The number of schools forced to close by the strikes has risen sharply after about 40,000 additional teachers joined the NEU since the union action was announced two weeks ago.
Kevin Courtney, general secretary of the National Education Union (NEU), said ministers should be concerned because the vast majority join the union ‘because they want to be part of the action’.
He said, “That’s a very big conscious decision to join us at this time. If I were the government, I’d be concerned about that.’
It is required by law to give schools the number of members it calls for action in each workplace – but it is not required to provide names.
It means that many headteachers have been left in the dark about staff numbers, and some have been forced to close as a precaution.
And Jonathan Broadbery, policy director at the National Day Nurseries Association (NDNA), warned that the strike could have “a pretty serious knock-on effect” for nurseries as staff may struggle to find childcare.
The Prime Minister’s spokesman said: ‘It is disappointing that school leaders do not have the clarity they need to plan properly.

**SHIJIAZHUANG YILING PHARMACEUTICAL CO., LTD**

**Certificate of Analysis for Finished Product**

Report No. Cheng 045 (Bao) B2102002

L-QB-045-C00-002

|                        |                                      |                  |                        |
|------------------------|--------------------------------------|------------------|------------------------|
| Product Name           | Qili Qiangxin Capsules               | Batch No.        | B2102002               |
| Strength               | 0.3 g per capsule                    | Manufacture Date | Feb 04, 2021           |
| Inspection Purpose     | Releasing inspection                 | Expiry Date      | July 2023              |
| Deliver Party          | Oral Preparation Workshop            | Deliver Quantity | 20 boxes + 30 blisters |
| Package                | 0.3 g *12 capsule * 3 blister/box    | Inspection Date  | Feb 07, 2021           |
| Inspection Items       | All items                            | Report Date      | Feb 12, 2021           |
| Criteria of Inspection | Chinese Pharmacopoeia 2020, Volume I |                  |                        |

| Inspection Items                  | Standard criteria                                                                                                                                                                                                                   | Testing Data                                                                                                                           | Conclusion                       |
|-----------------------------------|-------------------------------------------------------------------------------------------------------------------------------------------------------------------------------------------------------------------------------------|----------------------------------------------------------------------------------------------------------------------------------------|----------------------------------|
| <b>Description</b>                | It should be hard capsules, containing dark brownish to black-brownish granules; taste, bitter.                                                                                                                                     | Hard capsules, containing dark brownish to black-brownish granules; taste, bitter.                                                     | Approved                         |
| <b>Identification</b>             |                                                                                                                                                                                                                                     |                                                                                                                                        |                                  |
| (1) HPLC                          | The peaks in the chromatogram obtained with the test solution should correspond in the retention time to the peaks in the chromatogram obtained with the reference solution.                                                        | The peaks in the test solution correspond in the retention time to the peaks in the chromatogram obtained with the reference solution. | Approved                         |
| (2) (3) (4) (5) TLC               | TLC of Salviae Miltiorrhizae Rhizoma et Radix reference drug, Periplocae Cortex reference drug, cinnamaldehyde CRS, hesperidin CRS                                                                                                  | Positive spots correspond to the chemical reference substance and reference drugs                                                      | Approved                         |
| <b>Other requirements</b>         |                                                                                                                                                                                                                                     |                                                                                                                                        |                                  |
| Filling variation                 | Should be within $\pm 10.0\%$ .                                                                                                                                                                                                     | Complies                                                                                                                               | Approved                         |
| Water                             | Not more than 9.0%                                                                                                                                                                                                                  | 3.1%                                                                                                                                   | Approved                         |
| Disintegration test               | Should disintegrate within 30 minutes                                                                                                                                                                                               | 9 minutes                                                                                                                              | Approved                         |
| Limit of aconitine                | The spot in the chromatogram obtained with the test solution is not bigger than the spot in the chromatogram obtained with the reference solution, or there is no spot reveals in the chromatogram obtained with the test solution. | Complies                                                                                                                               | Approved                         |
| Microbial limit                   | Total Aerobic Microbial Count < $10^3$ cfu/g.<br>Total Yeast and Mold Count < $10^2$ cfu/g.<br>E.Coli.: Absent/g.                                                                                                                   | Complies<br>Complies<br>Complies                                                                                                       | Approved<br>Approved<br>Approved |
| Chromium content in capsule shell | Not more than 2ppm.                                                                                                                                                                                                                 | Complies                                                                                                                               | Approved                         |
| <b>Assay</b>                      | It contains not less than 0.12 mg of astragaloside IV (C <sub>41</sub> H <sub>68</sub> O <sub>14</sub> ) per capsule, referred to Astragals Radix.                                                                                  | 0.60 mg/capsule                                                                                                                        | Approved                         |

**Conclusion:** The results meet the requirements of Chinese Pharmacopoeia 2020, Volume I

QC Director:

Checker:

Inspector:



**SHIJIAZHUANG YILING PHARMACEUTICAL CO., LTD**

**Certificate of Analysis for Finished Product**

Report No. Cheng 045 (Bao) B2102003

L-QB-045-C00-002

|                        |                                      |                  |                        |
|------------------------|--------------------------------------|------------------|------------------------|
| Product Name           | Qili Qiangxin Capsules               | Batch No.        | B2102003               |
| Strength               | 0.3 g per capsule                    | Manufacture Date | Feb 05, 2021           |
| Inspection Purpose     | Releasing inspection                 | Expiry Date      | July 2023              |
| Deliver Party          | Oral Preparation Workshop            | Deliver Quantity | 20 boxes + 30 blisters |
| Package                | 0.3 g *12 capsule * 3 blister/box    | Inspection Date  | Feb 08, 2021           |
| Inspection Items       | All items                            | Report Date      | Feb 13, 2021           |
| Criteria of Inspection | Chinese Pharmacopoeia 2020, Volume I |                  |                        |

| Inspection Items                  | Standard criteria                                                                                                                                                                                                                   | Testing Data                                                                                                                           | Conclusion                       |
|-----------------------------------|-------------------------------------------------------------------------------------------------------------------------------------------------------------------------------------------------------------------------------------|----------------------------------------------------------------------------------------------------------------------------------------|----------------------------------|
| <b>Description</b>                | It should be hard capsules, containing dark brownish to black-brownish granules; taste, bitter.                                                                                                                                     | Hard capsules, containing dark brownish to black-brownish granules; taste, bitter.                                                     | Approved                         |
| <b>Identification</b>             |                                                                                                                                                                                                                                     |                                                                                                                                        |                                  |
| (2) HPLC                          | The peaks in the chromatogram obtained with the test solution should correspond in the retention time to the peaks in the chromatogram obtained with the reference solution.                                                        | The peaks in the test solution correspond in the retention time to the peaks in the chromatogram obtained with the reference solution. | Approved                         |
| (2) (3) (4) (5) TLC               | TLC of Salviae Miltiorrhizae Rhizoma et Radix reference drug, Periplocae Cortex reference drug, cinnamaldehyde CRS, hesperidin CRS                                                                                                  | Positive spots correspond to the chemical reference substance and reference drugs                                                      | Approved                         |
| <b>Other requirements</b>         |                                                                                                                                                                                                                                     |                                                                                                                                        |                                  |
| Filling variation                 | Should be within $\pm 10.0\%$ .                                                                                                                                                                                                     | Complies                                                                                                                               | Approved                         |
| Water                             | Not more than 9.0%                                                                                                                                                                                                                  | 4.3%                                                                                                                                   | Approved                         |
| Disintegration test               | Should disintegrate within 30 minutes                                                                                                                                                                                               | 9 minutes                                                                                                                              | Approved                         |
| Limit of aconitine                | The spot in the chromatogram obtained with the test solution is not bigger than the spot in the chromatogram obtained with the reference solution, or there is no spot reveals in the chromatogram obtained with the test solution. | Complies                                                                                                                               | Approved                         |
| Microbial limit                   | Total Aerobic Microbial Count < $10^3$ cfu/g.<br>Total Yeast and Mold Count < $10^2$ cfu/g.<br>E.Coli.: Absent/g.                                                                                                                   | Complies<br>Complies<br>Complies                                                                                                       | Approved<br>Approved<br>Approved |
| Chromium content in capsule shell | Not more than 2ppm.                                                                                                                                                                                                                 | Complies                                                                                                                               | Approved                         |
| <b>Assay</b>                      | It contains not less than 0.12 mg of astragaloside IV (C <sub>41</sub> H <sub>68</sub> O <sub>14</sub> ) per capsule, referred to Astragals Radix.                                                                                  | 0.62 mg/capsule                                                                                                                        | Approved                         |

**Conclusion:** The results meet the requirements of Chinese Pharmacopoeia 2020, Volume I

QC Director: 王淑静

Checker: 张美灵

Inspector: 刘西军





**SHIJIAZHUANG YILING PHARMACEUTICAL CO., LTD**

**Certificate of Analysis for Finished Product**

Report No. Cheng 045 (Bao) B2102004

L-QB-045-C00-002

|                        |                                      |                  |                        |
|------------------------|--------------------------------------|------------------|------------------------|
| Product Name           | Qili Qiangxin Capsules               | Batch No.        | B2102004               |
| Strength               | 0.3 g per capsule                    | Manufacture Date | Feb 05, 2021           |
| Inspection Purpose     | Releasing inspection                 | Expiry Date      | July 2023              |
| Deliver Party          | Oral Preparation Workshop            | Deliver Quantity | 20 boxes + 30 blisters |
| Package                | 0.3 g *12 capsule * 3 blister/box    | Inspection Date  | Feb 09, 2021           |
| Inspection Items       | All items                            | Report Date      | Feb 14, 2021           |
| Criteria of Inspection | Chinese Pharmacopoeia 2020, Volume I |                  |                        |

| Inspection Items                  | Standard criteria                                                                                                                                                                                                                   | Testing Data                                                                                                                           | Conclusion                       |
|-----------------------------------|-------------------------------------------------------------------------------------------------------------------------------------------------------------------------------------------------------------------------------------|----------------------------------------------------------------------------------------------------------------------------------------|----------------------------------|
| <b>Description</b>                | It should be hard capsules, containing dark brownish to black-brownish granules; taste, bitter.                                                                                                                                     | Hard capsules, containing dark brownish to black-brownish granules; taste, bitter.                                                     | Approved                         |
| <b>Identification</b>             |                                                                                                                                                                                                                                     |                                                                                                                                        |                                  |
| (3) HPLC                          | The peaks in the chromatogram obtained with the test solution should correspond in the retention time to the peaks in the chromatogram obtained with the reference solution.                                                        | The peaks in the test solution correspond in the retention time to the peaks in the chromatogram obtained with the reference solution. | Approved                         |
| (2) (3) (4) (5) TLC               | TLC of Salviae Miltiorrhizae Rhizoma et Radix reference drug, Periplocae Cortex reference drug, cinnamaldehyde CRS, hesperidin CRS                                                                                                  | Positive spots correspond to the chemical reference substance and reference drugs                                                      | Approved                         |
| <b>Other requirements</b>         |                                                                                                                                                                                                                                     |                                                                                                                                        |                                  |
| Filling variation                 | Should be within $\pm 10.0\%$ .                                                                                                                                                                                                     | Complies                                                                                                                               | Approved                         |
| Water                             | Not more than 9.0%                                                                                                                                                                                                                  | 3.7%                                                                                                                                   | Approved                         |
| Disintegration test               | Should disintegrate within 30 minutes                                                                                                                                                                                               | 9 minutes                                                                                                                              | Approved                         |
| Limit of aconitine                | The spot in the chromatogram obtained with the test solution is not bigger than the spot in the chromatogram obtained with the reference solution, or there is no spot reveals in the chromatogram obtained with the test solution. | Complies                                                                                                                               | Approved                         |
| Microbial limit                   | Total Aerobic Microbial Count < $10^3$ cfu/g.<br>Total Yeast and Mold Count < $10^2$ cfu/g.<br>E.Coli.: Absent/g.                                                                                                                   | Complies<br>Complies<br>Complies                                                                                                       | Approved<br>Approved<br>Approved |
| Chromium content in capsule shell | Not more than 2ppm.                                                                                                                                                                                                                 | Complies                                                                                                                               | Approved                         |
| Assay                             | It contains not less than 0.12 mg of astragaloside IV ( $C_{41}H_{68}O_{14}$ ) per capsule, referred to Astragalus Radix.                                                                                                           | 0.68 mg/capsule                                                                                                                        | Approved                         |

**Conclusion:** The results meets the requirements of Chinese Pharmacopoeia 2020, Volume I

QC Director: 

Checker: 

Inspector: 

‘That gives parents the information they need about the level of care their children can expect, and whether they can send their children to school. It would help reduce disruption and help teachers and school leaders plan better to provide a certain level of education to their students.”
Jonathan Gullis, a former Tory minister for schools, demanded that NEU leaders Mary Bousted and Kevin Courtney quit, saying: ‘It’s unfair to the pupils. It’s unfair to parents and it harms the teaching profession.’
Tory former education minister Sir John Hayes added: ‘Working people have jobs to do, children to look after and houses to run and they deserve better than to have their routines ruined and lives ruined like this.’
Paul Long, a former teacher who will lose £250 in earnings to care for his two children, said teachers who walked out had ‘completely misunderstood their audience’.
He said: ‘There are real problems with the education system that need to be addressed. What I disagree with is the way they are going about this through strikes rather than exploring alternative forms of industrial action that would be more effective.”
Union leaders say teachers’ wages have fallen by 23 percent in real terms since 2010, forcing them to leave en masse. The NEU demands fully funded increases above inflation.
Gillian Keegan, Secretary of State for Education, arrives today at the cabinet meeting in Downing Street, London
TUC secretary-general Paul Nowak said: ‘Our message to ministers is this: stop attacking the right to strike and start negotiating wages with unions in good faith’
Dr. Bousted said today’s strikes would have a “serious impact” and warned ministers they had a month to come up with a pay deal.